Helping animals live with allergies
Dr. Alicia Webb Milum DVM DACVD and Eko
Eko is a male Sumatran tiger born at the Oklahoma City Zoo in 2017. When he was one, his caretakers and staff noticed that, now and then, Eko had scratches on his face. A veterinary dermatologist discovered that Eko was experiencing an allergic reaction. He was treated with symptomatic medication until the treatment became more and more frequent and Eko was seen rubbing his face. The veterinary staff at the zoo decided that it was time for allergy testing and contacted Dr. Alicia Webb Milum DVM DACVD, a board-certified veterinary dermatologist in Oklahoma City.
“Just like people, animals can have allergic reactions when their immune system starts to recognize allergens as dangerous. These reactions can cause a variety of symptoms ranging from skin irritation, to respiratory and digestive disorders and can make animals miserable due to the discomfort and distress.
I work a lot with cats, dogs and horses but this was my first time examining a tiger. When I was called to the zoo, Eko had been experiencing allergic reactions for several months. His pruritus was quite severe and he had caused himself multiple excoriations to the face and shoulders because of the itching.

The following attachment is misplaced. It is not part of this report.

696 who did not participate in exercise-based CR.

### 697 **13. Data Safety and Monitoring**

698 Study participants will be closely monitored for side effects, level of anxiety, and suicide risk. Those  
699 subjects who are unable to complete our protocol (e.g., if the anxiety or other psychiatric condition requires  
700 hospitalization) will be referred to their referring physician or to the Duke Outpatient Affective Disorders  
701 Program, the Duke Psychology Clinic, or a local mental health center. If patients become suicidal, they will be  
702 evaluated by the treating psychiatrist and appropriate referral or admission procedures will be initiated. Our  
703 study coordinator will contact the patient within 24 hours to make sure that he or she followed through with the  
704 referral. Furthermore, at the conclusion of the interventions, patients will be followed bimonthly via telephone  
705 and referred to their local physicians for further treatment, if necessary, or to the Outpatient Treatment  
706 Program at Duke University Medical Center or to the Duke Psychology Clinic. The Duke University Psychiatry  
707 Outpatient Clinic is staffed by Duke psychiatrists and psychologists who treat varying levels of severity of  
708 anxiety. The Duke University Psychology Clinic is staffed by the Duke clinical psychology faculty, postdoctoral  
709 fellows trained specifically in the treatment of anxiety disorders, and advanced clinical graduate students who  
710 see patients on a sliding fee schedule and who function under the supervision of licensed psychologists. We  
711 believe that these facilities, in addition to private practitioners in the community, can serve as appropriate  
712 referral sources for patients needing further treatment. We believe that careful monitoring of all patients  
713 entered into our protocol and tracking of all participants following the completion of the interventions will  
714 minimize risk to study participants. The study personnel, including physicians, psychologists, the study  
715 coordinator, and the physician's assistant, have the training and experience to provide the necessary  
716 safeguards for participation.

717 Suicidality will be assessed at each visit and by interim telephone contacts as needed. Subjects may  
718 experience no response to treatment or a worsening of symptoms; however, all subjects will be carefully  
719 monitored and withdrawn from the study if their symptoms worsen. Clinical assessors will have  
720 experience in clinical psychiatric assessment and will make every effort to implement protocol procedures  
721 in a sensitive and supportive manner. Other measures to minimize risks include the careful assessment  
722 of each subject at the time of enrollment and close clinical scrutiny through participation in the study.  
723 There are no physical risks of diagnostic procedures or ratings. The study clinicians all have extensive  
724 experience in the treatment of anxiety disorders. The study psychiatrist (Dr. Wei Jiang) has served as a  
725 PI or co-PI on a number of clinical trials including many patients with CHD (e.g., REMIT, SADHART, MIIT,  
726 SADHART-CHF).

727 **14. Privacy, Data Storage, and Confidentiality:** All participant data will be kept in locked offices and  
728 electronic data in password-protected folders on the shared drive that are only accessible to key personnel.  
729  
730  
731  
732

Like for allergy diagnosis in humans—except that Eko was under general anesthesia—we performed intradermal allergy testing to determine which allergens he was reacting to. The results were positive to local allergens such as red cedar and environmental mold. Eko started desensitization in April 2019 to provide better control and comfort for his condition. The allergens are administered to him subcutaneously at the zoo and he has been trained to come up to the fence to receive his injection.”